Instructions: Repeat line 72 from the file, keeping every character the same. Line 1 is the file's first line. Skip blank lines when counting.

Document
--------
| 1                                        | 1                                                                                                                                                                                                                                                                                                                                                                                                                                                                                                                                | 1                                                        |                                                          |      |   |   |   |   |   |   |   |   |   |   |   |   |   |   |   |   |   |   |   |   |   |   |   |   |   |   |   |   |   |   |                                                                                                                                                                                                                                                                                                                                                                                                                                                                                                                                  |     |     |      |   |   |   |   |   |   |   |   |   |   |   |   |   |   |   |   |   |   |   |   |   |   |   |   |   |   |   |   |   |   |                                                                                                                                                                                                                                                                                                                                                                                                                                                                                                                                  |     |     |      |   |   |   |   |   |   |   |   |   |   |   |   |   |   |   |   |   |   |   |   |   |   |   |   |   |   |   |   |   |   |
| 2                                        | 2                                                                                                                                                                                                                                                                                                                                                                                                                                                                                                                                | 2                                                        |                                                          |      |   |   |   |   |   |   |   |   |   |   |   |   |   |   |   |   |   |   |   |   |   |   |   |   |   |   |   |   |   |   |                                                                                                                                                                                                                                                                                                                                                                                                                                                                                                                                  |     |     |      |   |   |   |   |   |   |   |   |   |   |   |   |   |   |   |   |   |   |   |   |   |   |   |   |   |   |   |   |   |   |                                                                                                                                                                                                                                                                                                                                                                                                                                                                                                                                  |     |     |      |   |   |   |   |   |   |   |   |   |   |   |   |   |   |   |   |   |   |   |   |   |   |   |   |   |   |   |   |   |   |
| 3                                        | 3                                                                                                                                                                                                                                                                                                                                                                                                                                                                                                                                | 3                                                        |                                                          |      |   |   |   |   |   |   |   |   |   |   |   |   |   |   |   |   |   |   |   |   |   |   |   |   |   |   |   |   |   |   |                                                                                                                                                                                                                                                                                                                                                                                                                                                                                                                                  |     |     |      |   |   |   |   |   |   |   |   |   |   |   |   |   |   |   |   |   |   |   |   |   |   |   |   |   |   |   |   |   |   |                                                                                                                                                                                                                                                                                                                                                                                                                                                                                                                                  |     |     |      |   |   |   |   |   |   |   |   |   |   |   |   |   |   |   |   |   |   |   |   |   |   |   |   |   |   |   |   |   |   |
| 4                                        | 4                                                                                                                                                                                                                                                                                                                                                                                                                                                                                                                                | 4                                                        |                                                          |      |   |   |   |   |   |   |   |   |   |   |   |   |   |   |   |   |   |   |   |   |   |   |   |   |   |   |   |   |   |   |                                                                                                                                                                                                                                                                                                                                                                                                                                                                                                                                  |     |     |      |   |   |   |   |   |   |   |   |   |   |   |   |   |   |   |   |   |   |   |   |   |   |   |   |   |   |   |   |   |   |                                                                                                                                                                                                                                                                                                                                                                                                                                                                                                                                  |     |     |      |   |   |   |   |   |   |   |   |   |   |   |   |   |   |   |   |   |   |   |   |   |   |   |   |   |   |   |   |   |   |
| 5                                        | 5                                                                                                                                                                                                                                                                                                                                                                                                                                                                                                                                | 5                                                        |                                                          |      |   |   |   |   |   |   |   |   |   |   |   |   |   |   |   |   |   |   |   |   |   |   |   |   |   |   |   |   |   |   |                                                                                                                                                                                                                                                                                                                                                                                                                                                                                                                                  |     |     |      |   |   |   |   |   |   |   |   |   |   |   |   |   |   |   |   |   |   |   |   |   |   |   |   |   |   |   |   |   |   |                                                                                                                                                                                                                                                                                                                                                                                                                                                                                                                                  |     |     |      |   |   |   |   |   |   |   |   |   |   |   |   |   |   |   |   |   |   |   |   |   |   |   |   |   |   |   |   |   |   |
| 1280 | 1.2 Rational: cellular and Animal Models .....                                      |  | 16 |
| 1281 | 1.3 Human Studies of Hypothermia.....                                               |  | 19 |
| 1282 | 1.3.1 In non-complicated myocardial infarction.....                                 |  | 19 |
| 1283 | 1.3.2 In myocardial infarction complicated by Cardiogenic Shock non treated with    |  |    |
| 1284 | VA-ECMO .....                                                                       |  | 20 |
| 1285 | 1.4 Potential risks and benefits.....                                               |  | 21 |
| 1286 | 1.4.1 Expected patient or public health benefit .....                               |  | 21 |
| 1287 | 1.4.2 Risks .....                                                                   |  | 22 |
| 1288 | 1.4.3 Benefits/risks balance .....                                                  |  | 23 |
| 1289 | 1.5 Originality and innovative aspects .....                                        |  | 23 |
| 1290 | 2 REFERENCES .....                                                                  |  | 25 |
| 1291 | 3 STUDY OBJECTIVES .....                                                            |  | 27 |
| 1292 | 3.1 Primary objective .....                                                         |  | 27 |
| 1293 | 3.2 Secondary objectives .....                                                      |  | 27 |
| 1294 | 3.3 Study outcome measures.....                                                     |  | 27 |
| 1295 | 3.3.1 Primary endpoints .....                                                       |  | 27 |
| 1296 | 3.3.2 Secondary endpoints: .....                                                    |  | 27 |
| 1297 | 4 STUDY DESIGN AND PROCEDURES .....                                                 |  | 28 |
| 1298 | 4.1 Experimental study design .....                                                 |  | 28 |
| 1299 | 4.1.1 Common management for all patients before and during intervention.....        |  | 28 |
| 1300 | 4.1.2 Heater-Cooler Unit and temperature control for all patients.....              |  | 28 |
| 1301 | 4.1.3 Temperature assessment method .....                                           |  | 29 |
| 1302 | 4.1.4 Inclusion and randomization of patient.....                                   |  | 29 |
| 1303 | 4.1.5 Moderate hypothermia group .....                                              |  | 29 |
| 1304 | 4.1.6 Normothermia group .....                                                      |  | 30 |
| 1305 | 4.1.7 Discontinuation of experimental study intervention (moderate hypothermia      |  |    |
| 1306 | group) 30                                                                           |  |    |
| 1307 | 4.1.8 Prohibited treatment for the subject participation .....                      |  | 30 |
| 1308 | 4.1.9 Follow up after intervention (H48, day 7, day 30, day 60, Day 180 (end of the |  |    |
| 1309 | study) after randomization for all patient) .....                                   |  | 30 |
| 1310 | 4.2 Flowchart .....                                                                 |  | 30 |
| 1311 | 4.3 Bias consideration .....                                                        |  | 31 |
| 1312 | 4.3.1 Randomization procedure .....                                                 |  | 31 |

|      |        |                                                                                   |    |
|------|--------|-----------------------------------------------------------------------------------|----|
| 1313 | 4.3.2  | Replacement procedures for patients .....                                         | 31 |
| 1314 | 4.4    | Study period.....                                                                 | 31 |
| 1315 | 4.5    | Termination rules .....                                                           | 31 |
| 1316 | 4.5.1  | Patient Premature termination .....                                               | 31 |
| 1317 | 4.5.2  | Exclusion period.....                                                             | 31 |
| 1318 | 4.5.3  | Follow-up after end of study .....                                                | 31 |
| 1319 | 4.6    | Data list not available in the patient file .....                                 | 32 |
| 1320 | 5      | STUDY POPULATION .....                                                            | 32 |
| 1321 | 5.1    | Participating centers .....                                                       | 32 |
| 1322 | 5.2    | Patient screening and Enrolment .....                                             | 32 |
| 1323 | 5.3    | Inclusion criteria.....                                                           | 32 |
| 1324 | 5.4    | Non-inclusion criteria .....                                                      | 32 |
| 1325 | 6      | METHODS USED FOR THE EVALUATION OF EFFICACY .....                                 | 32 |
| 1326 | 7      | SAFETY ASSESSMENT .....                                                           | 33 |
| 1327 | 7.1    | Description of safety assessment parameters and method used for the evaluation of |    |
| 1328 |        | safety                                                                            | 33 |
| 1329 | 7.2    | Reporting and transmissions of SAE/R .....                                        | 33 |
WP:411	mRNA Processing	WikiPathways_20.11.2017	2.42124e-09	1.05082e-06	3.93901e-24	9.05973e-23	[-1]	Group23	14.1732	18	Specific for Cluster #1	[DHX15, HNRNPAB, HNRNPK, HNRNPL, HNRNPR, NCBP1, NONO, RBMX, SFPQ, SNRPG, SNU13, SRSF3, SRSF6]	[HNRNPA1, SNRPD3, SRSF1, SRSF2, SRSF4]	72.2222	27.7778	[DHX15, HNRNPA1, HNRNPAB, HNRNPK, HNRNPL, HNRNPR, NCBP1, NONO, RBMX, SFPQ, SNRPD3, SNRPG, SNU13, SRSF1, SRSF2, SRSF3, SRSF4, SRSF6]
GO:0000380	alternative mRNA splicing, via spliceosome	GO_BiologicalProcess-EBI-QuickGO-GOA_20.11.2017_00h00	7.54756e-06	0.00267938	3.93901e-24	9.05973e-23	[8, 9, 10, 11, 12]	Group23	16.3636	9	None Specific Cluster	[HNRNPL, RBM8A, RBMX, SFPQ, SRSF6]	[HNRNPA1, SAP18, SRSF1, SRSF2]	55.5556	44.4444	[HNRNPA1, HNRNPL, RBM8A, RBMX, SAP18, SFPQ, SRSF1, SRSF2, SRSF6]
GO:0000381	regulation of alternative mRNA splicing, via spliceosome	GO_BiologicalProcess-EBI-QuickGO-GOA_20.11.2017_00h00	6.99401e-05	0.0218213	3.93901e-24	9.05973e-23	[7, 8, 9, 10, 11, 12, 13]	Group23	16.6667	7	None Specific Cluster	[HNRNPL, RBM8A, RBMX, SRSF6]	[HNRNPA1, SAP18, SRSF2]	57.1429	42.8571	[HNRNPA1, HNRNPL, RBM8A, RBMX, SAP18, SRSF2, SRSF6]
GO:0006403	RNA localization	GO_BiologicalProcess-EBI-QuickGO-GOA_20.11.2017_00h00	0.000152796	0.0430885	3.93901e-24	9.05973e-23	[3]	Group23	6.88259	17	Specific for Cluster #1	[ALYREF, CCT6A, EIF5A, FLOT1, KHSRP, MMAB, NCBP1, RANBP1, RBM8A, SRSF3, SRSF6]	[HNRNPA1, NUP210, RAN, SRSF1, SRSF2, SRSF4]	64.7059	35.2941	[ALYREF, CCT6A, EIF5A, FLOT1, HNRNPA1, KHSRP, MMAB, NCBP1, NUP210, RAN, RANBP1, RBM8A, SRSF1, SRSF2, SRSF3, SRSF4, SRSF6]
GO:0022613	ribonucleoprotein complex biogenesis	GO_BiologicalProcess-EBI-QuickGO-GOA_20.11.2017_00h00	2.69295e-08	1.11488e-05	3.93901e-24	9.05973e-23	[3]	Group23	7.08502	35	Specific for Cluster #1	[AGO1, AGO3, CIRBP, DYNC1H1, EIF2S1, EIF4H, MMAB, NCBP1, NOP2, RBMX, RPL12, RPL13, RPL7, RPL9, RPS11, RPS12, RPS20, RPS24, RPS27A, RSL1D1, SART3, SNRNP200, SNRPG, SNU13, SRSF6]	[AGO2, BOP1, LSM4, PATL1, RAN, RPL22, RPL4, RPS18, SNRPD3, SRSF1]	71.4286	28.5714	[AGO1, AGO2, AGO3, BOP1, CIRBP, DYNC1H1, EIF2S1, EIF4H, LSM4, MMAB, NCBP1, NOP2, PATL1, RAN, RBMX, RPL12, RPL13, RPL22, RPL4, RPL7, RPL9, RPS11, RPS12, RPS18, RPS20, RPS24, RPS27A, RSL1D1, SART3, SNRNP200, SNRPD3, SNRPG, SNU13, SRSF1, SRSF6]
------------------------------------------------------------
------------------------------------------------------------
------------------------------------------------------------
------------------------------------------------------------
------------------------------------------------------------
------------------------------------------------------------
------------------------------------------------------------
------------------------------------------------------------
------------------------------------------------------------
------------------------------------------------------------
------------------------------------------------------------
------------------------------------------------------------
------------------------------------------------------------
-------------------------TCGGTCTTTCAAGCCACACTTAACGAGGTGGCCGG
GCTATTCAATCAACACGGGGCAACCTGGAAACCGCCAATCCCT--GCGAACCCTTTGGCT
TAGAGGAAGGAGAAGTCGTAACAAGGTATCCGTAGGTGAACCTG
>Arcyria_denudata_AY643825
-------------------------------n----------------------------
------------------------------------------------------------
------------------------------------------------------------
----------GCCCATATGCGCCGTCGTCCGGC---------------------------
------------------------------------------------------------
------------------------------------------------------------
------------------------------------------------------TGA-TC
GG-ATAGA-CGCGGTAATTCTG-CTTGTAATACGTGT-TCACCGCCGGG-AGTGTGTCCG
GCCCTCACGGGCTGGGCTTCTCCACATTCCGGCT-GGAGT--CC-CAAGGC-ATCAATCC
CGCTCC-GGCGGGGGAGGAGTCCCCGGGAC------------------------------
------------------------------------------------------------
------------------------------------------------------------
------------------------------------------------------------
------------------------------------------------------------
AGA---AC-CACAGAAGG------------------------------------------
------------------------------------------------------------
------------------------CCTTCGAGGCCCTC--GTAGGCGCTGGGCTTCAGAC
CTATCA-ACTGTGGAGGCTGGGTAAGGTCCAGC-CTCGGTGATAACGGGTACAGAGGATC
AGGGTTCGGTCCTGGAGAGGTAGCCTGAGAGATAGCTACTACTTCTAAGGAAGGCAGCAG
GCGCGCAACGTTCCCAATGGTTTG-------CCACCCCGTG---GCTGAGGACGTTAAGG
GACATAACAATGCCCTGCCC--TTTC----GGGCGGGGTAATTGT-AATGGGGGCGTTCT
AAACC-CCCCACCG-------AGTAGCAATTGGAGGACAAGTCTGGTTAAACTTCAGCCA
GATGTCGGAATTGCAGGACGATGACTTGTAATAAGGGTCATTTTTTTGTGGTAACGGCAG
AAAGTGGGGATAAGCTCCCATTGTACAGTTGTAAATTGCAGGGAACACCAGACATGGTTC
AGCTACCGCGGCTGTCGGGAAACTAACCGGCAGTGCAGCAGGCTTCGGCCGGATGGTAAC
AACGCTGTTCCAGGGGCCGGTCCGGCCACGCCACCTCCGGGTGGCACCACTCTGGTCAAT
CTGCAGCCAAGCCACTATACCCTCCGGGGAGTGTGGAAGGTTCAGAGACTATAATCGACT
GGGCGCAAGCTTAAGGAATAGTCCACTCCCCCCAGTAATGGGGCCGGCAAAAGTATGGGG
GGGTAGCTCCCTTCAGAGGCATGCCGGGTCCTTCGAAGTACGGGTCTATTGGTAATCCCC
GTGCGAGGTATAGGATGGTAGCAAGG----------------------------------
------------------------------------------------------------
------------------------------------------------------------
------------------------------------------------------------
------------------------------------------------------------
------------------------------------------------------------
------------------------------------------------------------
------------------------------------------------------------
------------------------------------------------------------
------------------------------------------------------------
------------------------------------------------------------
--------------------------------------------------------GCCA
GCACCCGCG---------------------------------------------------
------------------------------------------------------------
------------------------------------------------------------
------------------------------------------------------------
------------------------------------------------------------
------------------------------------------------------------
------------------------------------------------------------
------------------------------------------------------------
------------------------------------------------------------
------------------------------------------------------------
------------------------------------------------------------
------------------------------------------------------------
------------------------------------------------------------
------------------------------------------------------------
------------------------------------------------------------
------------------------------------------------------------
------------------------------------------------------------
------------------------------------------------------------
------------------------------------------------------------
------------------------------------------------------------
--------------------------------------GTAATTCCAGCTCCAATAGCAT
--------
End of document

------------------------------------------------------------